Shift in Discussion of Women

As frequently happens when researching stuff, something else jumped out at me in the Platform comparisons. There was a disturbing change on how the Republican Party approached women.

I'm no fan of Ronald Reagan (I was one of the 12 people in 1984 who voted Mondale/Ferraro) but while I was actually reading the 1984 Republican Platform, I realized that, bless their hearts, they made a huge effort to draw in women and advocate for their advancement. Sure, there was a paragraph stating that the Republican Party opposed abortion, but there were also almost 1,400 words in the 1984 Republican Party Platform talking about mostly economic issues for women. This was, after all, the era of yuppie women in a short skirt and a long jacket.

Lately, I don't recall hearing a lot about what specifically the Republican Party wants to do in terms of women, so I decided to apply the same technique to the word "women" in the 1984 and 2012 Platform documents. I took out mentions of the phrases "men and women" and "women and men" to avoid counting mentions of our "men and women in the military" and the like. The upshot is that while Republicans might say that they are all about women, at least in 2012 women didn't get much press except in terms of eliminating abortion.

  • In 1984, the Republican Party Platform mentioned "women" 40 times, but in 2012 they mentioned "women" only 7 times.
  • Of those 7 times in 2012, 3 of them were in relation to the elimination of legal abortion.

This represents an 83% decline in even throwing women a bone and mentioning a women's issue of any kind, even if it is a uterine-based issue. Compared to the roughly 1,400 words used in 1984 to talk about programs for women, in 2012, there were just 257 words devoted to women. Just over half of those words pertained to eliminating abortion and the remainder was mainly about women in the military.

2016-01-30-1454118760-1997583-women_worduse_diagram.pngAgain, the voice of reason in my head (which sounds a lot like my husband) urged that perhaps it was a universal change. There has definitely been progress made in women's roles between 1984 and 2012, and maybe it wasn't a Party-specific change. So I looked at the 1984 and 2012 Democratic Platforms to see if they also showed an overall decline in the use of the word "women". However, the Democratic Platforms showed a 5% increase in mentions of women -- 40 mentions in 1984 and 42 in 2012. In the interest of fairness, let's call it flat. Therefore, a decreasing focus on women's issues between 1984 and 2012 does not seem to be a universal trend.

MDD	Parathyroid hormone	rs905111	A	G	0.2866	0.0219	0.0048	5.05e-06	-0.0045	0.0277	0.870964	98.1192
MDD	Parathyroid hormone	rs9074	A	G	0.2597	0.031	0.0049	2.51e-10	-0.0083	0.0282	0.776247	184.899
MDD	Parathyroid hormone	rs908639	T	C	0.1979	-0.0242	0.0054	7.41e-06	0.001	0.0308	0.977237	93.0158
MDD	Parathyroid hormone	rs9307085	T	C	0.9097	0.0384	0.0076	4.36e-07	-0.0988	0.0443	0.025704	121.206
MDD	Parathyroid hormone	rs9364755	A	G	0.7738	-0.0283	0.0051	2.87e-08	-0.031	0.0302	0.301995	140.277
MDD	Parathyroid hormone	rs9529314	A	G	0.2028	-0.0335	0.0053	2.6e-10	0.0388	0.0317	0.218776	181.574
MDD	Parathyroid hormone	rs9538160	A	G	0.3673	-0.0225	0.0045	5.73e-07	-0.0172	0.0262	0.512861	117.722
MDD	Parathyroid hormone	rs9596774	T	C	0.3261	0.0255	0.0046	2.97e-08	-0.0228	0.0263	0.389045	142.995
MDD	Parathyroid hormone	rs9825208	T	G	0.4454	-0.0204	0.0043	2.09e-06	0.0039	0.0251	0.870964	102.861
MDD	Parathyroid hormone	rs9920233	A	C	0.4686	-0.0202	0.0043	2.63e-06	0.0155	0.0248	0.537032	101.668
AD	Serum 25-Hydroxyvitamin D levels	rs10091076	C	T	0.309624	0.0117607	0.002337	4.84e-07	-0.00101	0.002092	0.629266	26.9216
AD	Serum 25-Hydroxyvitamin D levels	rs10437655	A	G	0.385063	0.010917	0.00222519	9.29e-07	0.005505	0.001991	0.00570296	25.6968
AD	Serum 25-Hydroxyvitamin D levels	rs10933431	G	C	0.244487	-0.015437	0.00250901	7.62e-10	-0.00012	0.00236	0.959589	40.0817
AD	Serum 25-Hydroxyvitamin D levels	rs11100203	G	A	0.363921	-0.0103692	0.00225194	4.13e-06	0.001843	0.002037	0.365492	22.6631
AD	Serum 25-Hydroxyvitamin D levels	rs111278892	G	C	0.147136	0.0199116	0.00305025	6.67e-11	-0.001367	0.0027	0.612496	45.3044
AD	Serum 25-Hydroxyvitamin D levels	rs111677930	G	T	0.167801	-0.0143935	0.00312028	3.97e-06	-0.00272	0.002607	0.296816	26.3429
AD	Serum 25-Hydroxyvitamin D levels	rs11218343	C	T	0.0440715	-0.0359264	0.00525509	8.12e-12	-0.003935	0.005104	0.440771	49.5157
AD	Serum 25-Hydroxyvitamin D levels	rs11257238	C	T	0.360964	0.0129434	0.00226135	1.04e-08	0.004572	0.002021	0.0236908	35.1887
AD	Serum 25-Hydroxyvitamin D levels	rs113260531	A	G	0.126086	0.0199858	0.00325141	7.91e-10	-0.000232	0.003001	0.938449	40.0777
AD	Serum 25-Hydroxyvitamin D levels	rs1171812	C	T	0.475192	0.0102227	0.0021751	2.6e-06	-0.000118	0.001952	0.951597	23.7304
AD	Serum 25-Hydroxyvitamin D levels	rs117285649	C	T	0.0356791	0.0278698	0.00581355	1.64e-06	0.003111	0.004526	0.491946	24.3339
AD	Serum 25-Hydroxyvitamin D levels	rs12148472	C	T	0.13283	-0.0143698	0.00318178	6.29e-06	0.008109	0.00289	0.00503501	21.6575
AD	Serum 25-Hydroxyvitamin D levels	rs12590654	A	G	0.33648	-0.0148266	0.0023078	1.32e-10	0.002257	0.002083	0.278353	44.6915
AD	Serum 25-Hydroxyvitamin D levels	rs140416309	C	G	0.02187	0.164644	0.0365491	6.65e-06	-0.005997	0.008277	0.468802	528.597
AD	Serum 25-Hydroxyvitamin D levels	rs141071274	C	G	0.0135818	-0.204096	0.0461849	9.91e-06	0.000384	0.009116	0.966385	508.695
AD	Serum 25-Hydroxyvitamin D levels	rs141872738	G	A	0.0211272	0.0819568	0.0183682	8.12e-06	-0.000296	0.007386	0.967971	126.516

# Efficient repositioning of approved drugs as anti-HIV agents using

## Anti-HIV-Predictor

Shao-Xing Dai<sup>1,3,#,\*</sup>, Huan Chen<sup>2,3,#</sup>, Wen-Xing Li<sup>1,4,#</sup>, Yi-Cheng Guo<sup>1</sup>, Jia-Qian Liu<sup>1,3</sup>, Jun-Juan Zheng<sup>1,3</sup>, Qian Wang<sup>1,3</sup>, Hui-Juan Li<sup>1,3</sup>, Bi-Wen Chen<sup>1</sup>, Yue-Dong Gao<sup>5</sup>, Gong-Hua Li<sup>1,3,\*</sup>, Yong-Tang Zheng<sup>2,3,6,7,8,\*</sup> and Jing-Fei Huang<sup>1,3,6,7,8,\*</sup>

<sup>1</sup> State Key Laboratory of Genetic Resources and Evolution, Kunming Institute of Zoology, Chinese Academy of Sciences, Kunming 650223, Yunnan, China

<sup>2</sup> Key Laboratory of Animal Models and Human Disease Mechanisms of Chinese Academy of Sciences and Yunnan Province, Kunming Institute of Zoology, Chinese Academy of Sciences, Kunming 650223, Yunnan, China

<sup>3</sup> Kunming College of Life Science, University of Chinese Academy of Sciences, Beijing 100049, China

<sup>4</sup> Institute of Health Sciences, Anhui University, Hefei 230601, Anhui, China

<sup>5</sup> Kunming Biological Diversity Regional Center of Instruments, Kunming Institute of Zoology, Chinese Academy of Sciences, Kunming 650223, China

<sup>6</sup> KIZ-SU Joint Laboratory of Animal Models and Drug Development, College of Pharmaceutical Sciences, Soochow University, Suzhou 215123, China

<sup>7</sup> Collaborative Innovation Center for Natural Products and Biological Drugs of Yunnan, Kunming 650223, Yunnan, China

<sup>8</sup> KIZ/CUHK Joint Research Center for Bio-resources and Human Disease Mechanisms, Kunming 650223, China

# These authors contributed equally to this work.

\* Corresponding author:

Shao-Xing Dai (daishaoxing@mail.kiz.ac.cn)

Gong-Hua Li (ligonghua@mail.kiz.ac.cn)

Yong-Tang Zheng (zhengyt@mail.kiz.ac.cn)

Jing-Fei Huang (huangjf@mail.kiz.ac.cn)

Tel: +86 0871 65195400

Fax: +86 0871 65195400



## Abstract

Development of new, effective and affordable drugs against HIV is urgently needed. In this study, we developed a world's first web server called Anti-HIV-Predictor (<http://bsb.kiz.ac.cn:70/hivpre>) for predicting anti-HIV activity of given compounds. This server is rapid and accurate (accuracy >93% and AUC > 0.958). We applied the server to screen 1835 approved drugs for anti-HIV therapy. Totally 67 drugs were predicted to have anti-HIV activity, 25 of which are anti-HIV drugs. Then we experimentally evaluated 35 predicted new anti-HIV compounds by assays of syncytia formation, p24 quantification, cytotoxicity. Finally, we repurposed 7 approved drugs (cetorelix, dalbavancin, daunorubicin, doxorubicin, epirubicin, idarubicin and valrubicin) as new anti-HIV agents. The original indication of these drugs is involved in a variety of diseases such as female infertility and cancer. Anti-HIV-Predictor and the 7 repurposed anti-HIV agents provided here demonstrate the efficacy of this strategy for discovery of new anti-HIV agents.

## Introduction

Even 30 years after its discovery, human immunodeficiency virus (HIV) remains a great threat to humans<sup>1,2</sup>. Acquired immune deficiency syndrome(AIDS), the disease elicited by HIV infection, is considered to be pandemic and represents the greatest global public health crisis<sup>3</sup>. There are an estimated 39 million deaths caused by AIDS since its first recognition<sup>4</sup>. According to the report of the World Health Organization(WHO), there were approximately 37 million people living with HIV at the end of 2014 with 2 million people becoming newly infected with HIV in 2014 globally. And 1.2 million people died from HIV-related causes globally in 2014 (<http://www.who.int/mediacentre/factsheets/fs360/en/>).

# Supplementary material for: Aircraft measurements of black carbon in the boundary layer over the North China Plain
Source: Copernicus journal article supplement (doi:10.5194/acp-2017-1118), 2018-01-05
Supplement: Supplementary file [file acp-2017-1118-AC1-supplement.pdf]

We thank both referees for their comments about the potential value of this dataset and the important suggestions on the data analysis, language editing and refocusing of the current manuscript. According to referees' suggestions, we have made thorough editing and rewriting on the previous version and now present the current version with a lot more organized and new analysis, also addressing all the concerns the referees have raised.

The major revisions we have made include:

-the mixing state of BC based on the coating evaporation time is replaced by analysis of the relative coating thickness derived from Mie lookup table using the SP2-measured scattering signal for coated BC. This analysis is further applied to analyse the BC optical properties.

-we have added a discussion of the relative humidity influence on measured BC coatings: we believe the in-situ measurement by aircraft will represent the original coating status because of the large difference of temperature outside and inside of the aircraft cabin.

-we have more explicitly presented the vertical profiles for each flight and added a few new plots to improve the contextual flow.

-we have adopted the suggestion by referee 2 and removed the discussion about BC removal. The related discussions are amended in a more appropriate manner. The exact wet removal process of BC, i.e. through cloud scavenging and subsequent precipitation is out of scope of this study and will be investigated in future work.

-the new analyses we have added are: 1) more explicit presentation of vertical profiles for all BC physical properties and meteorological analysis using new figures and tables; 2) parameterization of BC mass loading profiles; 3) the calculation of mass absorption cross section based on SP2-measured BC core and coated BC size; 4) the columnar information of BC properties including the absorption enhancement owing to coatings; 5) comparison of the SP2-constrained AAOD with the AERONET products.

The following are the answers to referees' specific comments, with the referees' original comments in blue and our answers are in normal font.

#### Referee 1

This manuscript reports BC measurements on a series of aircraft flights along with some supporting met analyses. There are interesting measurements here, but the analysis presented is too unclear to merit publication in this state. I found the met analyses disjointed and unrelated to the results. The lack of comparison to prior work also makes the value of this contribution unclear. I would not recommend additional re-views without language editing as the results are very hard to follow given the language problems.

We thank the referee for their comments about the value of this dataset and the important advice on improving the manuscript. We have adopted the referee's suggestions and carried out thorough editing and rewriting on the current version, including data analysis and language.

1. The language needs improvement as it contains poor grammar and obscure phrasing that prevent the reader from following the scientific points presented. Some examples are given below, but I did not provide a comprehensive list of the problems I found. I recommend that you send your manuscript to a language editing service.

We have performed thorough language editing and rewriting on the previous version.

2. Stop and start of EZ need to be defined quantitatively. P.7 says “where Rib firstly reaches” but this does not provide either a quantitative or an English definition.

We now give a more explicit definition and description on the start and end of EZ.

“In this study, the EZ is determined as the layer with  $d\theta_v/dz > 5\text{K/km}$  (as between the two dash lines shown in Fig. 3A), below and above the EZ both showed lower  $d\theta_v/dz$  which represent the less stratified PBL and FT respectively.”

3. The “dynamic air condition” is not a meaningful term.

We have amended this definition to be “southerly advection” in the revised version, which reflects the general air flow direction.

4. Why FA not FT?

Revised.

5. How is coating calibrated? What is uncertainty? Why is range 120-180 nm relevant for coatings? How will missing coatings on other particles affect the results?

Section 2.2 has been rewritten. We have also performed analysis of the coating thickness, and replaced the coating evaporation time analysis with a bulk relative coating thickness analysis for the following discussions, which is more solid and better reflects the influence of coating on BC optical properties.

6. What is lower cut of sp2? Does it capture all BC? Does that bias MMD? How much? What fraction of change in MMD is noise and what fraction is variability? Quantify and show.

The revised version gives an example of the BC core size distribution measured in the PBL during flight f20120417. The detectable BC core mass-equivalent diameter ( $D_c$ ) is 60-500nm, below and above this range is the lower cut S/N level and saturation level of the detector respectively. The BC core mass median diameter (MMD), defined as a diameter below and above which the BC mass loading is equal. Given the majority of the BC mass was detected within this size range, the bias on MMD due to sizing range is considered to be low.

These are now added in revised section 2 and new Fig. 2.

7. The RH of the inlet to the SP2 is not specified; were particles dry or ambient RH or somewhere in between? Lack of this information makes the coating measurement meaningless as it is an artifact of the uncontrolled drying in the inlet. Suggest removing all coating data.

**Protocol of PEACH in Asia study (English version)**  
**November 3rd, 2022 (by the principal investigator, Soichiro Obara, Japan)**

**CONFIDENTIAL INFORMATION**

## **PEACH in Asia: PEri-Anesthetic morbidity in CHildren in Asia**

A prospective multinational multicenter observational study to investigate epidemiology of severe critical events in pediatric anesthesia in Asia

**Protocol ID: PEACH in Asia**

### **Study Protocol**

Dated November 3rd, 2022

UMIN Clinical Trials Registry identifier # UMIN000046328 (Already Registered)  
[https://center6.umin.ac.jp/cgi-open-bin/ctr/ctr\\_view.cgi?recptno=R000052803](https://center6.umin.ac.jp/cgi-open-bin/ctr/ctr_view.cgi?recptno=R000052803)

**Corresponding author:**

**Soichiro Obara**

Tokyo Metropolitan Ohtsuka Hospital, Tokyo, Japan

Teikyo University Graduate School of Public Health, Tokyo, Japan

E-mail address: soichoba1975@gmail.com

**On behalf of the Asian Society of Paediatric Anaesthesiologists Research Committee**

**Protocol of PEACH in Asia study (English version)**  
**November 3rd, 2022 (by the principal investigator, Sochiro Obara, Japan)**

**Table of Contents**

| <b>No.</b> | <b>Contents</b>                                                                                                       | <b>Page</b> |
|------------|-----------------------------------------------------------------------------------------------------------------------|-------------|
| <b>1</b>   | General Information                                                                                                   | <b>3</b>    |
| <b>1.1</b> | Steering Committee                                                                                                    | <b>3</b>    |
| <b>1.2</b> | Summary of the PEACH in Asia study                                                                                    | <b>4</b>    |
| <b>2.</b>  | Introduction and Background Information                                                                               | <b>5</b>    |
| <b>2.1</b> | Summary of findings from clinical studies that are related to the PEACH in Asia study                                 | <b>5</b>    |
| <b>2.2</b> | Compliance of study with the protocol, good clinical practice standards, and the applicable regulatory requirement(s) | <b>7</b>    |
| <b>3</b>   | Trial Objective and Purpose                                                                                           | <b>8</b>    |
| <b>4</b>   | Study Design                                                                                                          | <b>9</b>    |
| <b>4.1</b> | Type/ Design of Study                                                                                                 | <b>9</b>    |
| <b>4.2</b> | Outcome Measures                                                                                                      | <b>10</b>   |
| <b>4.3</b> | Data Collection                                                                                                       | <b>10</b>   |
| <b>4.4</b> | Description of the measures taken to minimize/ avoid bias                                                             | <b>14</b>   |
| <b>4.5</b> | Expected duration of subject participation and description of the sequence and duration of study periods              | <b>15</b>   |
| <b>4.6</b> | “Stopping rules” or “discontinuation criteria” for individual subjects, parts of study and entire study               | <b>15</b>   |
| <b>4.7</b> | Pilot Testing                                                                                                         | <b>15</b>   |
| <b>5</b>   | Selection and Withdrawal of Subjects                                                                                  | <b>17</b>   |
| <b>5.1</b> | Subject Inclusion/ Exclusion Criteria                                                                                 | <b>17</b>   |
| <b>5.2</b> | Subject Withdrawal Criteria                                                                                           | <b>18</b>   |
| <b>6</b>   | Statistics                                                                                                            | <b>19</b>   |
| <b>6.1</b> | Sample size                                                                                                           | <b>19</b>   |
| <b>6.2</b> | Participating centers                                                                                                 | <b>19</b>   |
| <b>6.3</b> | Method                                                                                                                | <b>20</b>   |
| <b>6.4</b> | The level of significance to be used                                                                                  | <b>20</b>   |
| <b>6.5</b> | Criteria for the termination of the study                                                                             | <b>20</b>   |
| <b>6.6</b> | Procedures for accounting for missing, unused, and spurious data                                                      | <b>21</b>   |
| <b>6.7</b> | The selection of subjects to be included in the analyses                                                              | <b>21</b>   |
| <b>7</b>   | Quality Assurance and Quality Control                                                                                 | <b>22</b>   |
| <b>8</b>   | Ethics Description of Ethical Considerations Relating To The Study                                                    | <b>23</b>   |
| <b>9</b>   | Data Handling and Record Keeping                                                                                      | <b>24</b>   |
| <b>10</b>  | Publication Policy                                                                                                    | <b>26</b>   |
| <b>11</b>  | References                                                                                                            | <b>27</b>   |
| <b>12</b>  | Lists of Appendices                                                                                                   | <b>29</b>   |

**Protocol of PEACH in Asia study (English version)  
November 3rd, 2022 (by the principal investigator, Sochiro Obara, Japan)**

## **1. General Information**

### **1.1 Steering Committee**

But perhaps the thing that bothered me the most was the overall tone of the content about women. You can't easily quantify it with graphs, but in 1984, the Republican Party spoke with strong words in regard to women. They said things like "We are creating an environment in which individual talents and creativity can be tapped to the fullest, while assuring that women have equal opportunity, security, and real choices for the promising future."

OK, that sounds like a lot of "blah, blah, blah" rhetoric. But I still prefer it to 2012, where the tone is much more about protection, not enablement. For example, in 2012 the Republican Party Platform states "... we affirm our moral obligation to assist, rather than penalize, women challenged by an unplanned pregnancy." Doesn't this sound like women need some help to meet their challenges because they can't figure it out alone? And doesn't it seem like women are expected to just go with whatever approach the Party decides to adopt? But thank goodness women will not be penalized for unplanned pregnancies, at least in 2012!

All of this analysis will probably help delay the early onset of dementia and it helped clarify my nostalgic confusion about why I can't vote Republican. The conclusion that I walked away with was that as a woman, I would be cutting my own throat to vote for anyone running under the Republican Platform because they don't care as much about my financial well-being as they used to, and they care even less about supporting progress for women. So unless the 2016 Platform (which will probably come out in August or September) has some major changes, I guess I will just have to vote the Democratic ticket, suck up the tax bills and let the kids play on my lawn until someone can send me a more moderate option to endorse.